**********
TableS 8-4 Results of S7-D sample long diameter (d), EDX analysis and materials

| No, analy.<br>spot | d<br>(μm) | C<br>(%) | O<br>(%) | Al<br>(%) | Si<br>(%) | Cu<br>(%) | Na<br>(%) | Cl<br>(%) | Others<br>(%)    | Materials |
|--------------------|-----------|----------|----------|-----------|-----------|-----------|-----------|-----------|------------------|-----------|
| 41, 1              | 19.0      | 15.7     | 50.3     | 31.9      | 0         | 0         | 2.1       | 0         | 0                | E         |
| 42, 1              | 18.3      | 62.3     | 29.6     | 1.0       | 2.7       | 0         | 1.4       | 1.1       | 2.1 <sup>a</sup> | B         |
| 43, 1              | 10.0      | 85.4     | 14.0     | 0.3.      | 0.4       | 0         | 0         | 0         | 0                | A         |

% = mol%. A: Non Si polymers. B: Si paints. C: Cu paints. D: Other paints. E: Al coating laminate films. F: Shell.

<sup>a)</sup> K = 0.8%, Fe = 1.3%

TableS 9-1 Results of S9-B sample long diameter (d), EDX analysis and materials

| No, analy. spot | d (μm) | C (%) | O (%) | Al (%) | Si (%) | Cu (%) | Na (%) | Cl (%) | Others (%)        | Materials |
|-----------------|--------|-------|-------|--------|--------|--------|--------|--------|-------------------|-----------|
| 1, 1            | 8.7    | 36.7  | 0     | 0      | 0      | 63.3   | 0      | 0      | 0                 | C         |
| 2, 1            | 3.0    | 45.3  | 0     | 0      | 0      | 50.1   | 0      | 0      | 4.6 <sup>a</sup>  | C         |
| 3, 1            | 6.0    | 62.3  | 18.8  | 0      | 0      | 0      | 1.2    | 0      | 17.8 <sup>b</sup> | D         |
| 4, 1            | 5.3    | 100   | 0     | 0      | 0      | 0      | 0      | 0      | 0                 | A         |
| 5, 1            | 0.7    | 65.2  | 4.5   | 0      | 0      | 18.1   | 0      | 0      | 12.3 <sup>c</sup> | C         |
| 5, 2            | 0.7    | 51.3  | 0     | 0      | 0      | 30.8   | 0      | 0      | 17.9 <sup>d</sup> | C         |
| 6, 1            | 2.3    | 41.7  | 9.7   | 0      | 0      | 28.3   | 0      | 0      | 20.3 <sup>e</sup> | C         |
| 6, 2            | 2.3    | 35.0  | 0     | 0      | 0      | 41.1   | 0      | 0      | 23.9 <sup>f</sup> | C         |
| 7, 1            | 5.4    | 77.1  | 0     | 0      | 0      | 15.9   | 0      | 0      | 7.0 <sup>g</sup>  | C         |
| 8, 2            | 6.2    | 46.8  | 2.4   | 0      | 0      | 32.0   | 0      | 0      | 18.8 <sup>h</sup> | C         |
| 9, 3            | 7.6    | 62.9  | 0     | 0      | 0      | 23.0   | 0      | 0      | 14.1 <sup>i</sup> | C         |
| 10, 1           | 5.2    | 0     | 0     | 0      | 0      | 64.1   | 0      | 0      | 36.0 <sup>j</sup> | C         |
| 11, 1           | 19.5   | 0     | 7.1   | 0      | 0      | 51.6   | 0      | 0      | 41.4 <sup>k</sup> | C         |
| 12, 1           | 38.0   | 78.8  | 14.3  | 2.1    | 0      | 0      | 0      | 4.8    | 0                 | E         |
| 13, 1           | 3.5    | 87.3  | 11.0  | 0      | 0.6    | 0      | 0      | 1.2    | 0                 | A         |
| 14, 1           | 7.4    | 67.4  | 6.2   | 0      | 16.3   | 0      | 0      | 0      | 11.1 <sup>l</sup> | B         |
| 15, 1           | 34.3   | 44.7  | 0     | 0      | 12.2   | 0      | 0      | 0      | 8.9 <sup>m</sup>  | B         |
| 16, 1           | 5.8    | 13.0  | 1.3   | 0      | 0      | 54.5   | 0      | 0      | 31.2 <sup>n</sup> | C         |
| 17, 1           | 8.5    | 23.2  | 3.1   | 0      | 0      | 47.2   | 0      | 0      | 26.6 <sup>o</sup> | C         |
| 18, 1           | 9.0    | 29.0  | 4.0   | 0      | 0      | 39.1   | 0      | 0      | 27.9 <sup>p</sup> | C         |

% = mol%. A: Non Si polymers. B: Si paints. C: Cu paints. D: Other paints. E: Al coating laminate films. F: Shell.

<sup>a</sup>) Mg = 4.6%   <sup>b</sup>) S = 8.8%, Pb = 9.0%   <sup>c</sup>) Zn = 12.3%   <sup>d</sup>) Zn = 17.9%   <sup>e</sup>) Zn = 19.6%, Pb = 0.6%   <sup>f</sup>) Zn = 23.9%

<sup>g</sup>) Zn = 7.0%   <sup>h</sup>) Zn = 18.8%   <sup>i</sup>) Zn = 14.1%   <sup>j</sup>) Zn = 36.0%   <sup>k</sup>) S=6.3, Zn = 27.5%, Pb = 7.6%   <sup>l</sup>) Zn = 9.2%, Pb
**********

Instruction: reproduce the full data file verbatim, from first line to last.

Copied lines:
TableS 8-4 Results of S7-D sample long diameter (d), EDX analysis and materials

| No, analy.<br>spot | d<br>(μm) | C<br>(%) | O<br>(%) | Al<br>(%) | Si<br>(%) | Cu<br>(%) | Na<br>(%) | Cl<br>(%) | Others<br>(%)    | Materials |
|--------------------|-----------|----------|----------|-----------|-----------|-----------|-----------|-----------|------------------|-----------|
| 41, 1              | 19.0      | 15.7     | 50.3     | 31.9      | 0         | 0         | 2.1       | 0         | 0                | E         |
| 42, 1              | 18.3      | 62.3     | 29.6     | 1.0       | 2.7       | 0         | 1.4       | 1.1       | 2.1 <sup>a</sup> | B         |
| 43, 1              | 10.0      | 85.4     | 14.0     | 0.3.      | 0.4       | 0         | 0         | 0         | 0                | A         |

% = mol%. A: Non Si polymers. B: Si paints. C: Cu paints. D: Other paints. E: Al coating laminate films. F: Shell.

<sup>a)</sup> K = 0.8%, Fe = 1.3%

TableS 9-1 Results of S9-B sample long diameter (d), EDX analysis and materials

| No, analy. spot | d (μm) | C (%) | O (%) | Al (%) | Si (%) | Cu (%) | Na (%) | Cl (%) | Others (%)        | Materials |
|-----------------|--------|-------|-------|--------|--------|--------|--------|--------|-------------------|-----------|
| 1, 1            | 8.7    | 36.7  | 0     | 0      | 0      | 63.3   | 0      | 0      | 0                 | C         |
| 2, 1            | 3.0    | 45.3  | 0     | 0      | 0      | 50.1   | 0      | 0      | 4.6 <sup>a</sup>  | C         |
| 3, 1            | 6.0    | 62.3  | 18.8  | 0      | 0      | 0      | 1.2    | 0      | 17.8 <sup>b</sup> | D         |
| 4, 1            | 5.3    | 100   | 0     | 0      | 0      | 0      | 0      | 0      | 0                 | A         |
| 5, 1            | 0.7    | 65.2  | 4.5   | 0      | 0      | 18.1   | 0      | 0      | 12.3 <sup>c</sup> | C         |
| 5, 2            | 0.7    | 51.3  | 0     | 0      | 0      | 30.8   | 0      | 0      | 17.9 <sup>d</sup> | C         |
| 6, 1            | 2.3    | 41.7  | 9.7   | 0      | 0      | 28.3   | 0      | 0      | 20.3 <sup>e</sup> | C         |
| 6, 2            | 2.3    | 35.0  | 0     | 0      | 0      | 41.1   | 0      | 0      | 23.9 <sup>f</sup> | C         |
| 7, 1            | 5.4    | 77.1  | 0     | 0      | 0      | 15.9   | 0      | 0      | 7.0 <sup>g</sup>  | C         |
| 8, 2            | 6.2    | 46.8  | 2.4   | 0      | 0      | 32.0   | 0      | 0      | 18.8 <sup>h</sup> | C         |
| 9, 3            | 7.6    | 62.9  | 0     | 0      | 0      | 23.0   | 0      | 0      | 14.1 <sup>i</sup> | C         |
| 10, 1           | 5.2    | 0     | 0     | 0      | 0      | 64.1   | 0      | 0      | 36.0 <sup>j</sup> | C         |
| 11, 1           | 19.5   | 0     | 7.1   | 0      | 0      | 51.6   | 0      | 0      | 41.4 <sup>k</sup> | C         |
| 12, 1           | 38.0   | 78.8  | 14.3  | 2.1    | 0      | 0      | 0      | 4.8    | 0                 | E         |
| 13, 1           | 3.5    | 87.3  | 11.0  | 0      | 0.6    | 0      | 0      | 1.2    | 0                 | A         |
| 14, 1           | 7.4    | 67.4  | 6.2   | 0      | 16.3   | 0      | 0      | 0      | 11.1 <sup>l</sup> | B         |
| 15, 1           | 34.3   | 44.7  | 0     | 0      | 12.2   | 0      | 0      | 0      | 8.9 <sup>m</sup>  | B         |
| 16, 1           | 5.8    | 13.0  | 1.3   | 0      | 0      | 54.5   | 0      | 0      | 31.2 <sup>n</sup> | C         |
| 17, 1           | 8.5    | 23.2  | 3.1   | 0      | 0      | 47.2   | 0      | 0      | 26.6 <sup>o</sup> | C         |
| 18, 1           | 9.0    | 29.0  | 4.0   | 0      | 0      | 39.1   | 0      | 0      | 27.9 <sup>p</sup> | C         |

% = mol%. A: Non Si polymers. B: Si paints. C: Cu paints. D: Other paints. E: Al coating laminate films. F: Shell.

<sup>a</sup>) Mg = 4.6%   <sup>b</sup>) S = 8.8%, Pb = 9.0%   <sup>c</sup>) Zn = 12.3%   <sup>d</sup>) Zn = 17.9%   <sup>e</sup>) Zn = 19.6%, Pb = 0.6%   <sup>f</sup>) Zn = 23.9%

<sup>g</sup>) Zn = 7.0%   <sup>h</sup>) Zn = 18.8%   <sup>i</sup>) Zn = 14.1%   <sup>j</sup>) Zn = 36.0%   <sup>k</sup>) S=6.3, Zn = 27.5%, Pb = 7.6%   <sup>l</sup>) Zn = 9.2%, Pb